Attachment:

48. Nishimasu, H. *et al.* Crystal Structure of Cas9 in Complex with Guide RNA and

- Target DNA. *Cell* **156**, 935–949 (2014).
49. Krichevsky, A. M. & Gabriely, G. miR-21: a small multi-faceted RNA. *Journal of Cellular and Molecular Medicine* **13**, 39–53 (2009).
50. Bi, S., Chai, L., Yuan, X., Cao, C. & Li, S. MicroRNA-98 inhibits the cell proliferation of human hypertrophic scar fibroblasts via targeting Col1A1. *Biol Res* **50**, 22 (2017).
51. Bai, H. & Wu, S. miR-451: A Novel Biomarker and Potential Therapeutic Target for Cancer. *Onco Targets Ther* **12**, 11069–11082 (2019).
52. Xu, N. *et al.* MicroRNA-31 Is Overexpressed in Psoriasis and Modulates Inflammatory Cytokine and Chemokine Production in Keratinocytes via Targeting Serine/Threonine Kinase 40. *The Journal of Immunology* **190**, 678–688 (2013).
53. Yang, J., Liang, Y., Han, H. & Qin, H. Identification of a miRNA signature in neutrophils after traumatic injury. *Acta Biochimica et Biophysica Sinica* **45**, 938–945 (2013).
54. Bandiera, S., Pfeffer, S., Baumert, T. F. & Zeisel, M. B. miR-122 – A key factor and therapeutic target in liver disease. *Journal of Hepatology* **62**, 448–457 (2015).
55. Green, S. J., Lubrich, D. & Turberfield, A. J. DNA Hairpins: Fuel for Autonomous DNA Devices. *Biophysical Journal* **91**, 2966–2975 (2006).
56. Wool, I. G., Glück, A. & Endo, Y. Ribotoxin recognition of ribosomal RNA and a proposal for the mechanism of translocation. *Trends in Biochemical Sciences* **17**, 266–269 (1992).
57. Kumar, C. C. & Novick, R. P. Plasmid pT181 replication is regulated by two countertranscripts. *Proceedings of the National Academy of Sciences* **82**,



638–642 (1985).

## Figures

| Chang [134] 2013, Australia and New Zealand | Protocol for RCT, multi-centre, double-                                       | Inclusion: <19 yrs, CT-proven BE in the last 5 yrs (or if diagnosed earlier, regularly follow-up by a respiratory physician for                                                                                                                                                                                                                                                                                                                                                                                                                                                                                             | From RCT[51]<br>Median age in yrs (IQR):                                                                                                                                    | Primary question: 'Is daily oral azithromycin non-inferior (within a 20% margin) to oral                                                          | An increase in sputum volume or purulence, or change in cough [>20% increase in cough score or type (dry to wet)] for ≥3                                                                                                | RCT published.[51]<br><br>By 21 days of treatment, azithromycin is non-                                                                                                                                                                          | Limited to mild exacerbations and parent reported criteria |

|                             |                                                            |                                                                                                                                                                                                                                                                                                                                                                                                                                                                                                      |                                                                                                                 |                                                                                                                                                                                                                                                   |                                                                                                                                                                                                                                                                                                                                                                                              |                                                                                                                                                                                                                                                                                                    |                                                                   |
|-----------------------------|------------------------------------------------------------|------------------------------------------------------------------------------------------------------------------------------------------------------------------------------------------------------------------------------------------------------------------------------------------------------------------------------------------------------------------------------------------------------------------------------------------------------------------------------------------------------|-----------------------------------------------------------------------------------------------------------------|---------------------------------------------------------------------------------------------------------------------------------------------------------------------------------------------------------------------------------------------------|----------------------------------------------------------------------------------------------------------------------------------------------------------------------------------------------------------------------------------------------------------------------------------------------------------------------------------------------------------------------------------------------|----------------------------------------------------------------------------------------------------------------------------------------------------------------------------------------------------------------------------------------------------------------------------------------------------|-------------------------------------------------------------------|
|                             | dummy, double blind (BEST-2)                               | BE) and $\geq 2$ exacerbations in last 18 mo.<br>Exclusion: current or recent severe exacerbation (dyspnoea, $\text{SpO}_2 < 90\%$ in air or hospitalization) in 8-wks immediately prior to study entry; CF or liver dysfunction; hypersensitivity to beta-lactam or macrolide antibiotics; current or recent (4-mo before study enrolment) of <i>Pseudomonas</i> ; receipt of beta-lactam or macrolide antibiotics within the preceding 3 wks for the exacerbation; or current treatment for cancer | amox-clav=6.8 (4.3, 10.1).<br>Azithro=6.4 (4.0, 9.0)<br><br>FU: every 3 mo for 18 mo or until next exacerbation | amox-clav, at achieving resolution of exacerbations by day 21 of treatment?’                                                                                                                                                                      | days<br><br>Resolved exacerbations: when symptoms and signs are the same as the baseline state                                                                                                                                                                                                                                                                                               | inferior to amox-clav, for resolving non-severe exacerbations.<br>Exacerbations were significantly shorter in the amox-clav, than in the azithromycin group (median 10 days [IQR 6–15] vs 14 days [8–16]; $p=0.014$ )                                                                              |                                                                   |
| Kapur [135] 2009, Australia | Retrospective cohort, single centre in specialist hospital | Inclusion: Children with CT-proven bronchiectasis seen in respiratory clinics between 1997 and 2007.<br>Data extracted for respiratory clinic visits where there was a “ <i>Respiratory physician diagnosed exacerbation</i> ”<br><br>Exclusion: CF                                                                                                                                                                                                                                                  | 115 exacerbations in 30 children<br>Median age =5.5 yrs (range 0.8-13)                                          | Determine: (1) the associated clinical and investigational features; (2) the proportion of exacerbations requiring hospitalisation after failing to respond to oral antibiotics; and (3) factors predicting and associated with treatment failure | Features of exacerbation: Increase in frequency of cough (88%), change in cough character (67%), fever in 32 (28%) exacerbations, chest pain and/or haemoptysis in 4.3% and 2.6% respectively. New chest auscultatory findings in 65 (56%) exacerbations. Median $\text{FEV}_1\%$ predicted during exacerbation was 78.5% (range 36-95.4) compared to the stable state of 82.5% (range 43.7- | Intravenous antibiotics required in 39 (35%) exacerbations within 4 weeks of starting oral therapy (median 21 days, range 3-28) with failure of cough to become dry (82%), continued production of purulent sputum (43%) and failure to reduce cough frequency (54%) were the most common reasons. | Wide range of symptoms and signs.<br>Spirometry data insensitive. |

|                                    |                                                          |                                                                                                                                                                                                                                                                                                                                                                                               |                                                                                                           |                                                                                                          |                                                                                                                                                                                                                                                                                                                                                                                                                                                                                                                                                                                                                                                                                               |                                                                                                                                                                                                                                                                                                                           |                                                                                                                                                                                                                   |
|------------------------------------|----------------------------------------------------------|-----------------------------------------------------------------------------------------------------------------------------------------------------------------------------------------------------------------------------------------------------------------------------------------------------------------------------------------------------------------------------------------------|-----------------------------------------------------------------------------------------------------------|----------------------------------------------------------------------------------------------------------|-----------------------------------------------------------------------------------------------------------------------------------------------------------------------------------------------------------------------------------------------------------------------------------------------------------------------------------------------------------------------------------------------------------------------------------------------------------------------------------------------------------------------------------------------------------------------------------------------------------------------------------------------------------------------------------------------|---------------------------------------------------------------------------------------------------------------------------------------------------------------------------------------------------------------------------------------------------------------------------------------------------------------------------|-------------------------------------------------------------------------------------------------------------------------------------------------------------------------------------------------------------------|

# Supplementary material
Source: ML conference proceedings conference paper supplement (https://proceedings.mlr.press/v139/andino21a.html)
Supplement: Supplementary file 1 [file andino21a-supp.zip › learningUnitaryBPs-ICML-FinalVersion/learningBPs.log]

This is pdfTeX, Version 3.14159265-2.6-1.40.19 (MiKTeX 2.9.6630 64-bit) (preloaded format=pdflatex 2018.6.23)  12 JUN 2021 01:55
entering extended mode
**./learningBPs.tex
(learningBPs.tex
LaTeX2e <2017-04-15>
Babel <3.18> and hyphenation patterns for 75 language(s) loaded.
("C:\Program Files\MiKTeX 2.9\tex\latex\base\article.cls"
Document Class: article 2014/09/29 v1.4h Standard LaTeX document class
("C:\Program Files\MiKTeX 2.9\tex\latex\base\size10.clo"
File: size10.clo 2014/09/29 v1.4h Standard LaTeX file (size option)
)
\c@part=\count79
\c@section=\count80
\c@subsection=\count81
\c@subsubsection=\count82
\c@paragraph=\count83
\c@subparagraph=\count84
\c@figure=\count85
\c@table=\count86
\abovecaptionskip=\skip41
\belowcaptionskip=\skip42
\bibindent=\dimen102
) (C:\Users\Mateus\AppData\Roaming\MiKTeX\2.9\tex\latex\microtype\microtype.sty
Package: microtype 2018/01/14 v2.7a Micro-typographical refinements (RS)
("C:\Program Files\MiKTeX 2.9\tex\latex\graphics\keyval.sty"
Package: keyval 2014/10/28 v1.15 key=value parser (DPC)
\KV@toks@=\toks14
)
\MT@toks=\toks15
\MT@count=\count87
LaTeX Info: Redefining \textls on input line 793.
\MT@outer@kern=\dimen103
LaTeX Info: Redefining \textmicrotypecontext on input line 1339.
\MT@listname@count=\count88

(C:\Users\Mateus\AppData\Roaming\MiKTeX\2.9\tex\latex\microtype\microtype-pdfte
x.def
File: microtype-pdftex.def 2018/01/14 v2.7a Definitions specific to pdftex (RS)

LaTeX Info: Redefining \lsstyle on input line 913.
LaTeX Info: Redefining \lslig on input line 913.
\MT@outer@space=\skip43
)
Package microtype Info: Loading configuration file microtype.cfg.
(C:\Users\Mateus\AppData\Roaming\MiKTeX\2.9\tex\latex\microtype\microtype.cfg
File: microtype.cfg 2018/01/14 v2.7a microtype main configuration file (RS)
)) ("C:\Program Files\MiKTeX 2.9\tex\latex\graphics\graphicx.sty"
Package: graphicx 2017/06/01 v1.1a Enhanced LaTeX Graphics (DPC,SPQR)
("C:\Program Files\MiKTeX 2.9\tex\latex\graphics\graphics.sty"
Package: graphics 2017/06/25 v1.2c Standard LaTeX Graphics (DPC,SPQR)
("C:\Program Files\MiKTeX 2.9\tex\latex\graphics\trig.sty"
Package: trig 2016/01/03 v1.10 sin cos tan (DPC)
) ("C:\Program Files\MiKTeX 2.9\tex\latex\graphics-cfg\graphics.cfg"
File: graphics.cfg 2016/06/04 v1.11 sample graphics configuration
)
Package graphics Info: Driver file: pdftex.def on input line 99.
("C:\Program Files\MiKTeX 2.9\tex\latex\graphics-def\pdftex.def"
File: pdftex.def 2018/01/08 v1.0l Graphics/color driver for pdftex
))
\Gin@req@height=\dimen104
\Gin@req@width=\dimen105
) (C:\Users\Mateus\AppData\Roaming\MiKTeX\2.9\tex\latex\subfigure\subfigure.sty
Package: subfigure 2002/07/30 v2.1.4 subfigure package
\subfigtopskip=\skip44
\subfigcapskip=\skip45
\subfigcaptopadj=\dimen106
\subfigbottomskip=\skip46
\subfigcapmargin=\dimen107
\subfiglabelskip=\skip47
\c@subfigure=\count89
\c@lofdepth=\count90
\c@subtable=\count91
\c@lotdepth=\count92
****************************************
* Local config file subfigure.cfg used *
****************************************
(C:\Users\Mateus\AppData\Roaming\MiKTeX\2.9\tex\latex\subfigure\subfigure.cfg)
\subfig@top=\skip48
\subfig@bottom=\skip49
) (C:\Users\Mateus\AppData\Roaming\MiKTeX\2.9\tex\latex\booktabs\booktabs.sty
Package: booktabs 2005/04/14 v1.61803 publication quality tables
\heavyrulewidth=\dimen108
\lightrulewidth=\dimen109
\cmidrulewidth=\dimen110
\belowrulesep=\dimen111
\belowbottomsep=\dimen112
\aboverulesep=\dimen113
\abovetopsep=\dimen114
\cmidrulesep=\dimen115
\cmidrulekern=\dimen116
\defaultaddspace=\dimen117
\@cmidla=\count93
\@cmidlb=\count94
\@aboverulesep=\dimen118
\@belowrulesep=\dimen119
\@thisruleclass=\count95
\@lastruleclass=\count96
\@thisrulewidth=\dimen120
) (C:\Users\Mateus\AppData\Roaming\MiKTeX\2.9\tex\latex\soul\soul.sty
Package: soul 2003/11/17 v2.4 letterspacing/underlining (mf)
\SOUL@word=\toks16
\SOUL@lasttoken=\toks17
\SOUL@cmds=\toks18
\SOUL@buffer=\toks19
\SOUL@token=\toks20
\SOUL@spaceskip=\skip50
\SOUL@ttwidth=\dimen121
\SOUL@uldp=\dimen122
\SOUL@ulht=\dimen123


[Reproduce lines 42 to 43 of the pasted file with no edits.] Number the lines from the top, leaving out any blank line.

\c@table=\count86
\abovecaptionskip=\skip41